The 2018 Yellow Tote Review Revue
Besides baking bread, there’s nothing I do regularly that gives me more pleasure than going to concerts. In the moment, it doesn’t seem like I go to a lot, and there are always shows I feel like I miss, but when I look back on 2018, this list begs to differ.
We just did a podcast on how year-end lists often suck, so I wanted to make this a little more fun. The Yellow Tote Review Revue gets its name from the fact that when I go to concerts alone (most concerts I go to), I bring a yellow tote bag (shout out to Phaidon) to hold a book, my Kindle, or, often, a t-shirt purchased from the merch table.
In the spirit of the joy I have when I am carrying the yellow tote, I’ve quirkily put together this categorized list of all the acts I saw this year. Maybe you’ll go see some of them! Maybe you won’t! But I highly recommend you give some local concert a try. You might fall head over heels for an opener, a main act you’d forgotten about, or even the venue itself.
Let’s start the show(s)!
Where to start besides the beginning?
Too often, in my opinion, people tend to show up to concerts very late. That’s incredibly unfortunate, because they are missing some damn good artists. Vagabon (The Anthem, 7/24) was the first opener before the buzzier Julien Baker and the tremendous Courtney Barnett. The Anthem felt all the more cavernous as spindly branches of folks were mesmerized by Vagabon’s powerfully vulnerable songs and emotive voice.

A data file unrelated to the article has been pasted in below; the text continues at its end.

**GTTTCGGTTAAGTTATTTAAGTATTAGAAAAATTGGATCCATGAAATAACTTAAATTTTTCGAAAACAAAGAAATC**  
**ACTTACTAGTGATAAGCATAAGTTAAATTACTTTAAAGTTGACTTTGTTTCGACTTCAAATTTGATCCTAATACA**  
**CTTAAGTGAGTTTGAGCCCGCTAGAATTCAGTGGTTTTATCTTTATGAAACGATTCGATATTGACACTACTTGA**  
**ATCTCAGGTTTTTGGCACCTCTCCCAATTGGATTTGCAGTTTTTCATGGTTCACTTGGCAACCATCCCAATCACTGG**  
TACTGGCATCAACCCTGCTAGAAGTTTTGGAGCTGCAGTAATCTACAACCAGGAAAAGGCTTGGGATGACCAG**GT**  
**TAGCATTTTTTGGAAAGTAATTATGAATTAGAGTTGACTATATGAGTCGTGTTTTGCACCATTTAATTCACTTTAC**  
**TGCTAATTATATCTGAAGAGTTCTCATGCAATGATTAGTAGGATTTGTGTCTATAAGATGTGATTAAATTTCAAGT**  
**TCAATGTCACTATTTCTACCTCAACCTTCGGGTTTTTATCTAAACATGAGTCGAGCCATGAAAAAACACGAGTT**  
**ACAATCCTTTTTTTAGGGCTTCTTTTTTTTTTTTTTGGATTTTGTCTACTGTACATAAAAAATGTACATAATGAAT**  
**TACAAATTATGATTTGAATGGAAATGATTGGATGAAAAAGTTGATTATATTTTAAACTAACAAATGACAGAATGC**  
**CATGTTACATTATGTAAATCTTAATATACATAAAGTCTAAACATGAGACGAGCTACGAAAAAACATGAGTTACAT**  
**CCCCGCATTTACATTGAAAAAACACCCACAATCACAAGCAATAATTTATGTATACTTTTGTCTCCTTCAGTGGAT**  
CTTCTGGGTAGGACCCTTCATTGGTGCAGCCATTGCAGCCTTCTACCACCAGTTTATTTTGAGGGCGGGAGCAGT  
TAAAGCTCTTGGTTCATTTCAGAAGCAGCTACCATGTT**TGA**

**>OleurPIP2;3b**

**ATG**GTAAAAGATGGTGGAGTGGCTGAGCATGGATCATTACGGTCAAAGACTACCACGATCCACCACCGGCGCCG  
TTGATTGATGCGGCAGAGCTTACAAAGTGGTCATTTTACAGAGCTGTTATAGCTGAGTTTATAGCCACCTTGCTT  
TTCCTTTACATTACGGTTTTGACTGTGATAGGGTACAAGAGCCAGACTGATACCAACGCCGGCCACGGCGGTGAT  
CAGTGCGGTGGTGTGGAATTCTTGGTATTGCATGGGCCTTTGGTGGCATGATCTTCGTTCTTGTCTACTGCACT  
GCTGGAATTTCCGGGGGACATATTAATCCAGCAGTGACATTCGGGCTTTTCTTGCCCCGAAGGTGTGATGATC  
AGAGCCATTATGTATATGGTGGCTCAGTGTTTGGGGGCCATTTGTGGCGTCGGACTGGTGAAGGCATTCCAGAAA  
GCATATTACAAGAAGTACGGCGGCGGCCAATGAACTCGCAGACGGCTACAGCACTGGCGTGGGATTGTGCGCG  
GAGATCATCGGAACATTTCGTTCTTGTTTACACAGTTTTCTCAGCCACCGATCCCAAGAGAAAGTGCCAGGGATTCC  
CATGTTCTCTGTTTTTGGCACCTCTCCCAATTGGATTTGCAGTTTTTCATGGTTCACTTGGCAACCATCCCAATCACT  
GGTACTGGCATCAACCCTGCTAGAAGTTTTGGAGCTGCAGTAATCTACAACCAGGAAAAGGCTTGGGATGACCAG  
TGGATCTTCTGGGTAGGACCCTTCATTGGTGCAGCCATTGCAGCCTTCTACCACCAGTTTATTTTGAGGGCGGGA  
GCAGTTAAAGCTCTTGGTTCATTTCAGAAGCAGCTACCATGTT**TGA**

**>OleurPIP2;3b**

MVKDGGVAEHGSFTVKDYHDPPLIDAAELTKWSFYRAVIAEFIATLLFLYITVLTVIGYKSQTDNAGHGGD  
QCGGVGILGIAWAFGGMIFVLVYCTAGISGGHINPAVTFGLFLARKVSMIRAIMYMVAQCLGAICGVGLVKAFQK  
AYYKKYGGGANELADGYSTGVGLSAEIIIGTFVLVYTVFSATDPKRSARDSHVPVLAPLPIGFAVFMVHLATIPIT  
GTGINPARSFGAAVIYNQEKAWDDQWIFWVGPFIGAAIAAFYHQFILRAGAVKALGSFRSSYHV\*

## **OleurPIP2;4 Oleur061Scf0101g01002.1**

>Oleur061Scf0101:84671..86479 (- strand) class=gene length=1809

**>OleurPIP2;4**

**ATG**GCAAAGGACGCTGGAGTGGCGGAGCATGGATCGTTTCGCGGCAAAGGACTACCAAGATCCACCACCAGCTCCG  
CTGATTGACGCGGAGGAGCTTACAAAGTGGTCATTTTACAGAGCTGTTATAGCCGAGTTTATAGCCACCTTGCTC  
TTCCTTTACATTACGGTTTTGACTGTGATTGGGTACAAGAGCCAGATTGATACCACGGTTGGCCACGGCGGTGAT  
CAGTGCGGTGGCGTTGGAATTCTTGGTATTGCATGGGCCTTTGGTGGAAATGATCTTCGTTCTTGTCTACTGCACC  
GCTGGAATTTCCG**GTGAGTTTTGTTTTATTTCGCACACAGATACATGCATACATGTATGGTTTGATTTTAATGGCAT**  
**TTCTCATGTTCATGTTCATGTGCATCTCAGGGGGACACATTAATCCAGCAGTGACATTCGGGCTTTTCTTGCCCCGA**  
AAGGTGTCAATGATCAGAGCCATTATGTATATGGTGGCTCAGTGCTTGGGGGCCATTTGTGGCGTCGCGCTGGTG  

On the other end of the spectrum, DC9 provided a haven for two bands to bang my head to. Thin Lips (DC9, 8/28) put out an album called Riff Hard in 2016, and they kept up that credo with 2018’s excellent Chosen Family. As with any opener, it’s awesome to see a relative unknown (Slaughter Beach, Dog, in this case) become loved while getting the crowd up for the main act. Outer Spaces (DC9, 12/5) did the same while opening for Justus Profit and Jay Som. The Baltimore-based group hasn’t released an album since 2016, but damned if they didn’t leave everyone longing for an early 2019 release with Cara Beth Satalino’s clear-voiced brand of indie rock.
A Wild Crutchfield Appeared
As far as indie rock twins go, the Crutchfield sisters are the best. Maybe that list isn’t long (though a shoutout to Aaron and Bryce Dessner of The National is deserved), but either way, they are worth a ticket regardless of configuration, and I have now seen them both together (in 2017) and separately. The sisters are unmistakable; when I went to see Superchunk (Black Cat, 4/3), I didn’t realize Allison’s band Swearin’ was opening until I realized out loud to a friend, “Oh, that’s a Crutchfield!” Swearin’ was a perfect lead-in to the raucous punk discord of Superchunk.
Meanwhile, Katie’s solo project Waxahatchee (Miracle Theatre, 9/8) also put out excellent new material in 2018. I had seen her before supported by a full band, but this time out, she was mostly on her own, either playing an acoustic guitar or seemingly bathed in angelic light at a piano.
It’s Not You, It’s Me
There comes a time in all relationships where some type of dissonance appears. Sometimes you overcome it, sometimes you don’t. With this group, all of whom I’ve seen before, that unfortunately happened when I went to see them in 2018.
While I can pinpoint it for some of them, I can’t tell you what it was with Alvvays (9:30 Club, 5/8) other than just general disappointment. I wanted to rock, but they just didn’t bring the energy I typically expect in 9:30 Club, which is admittedly a me problem. (I will not make a joke about Canada being stereotypically lame here, no sir.)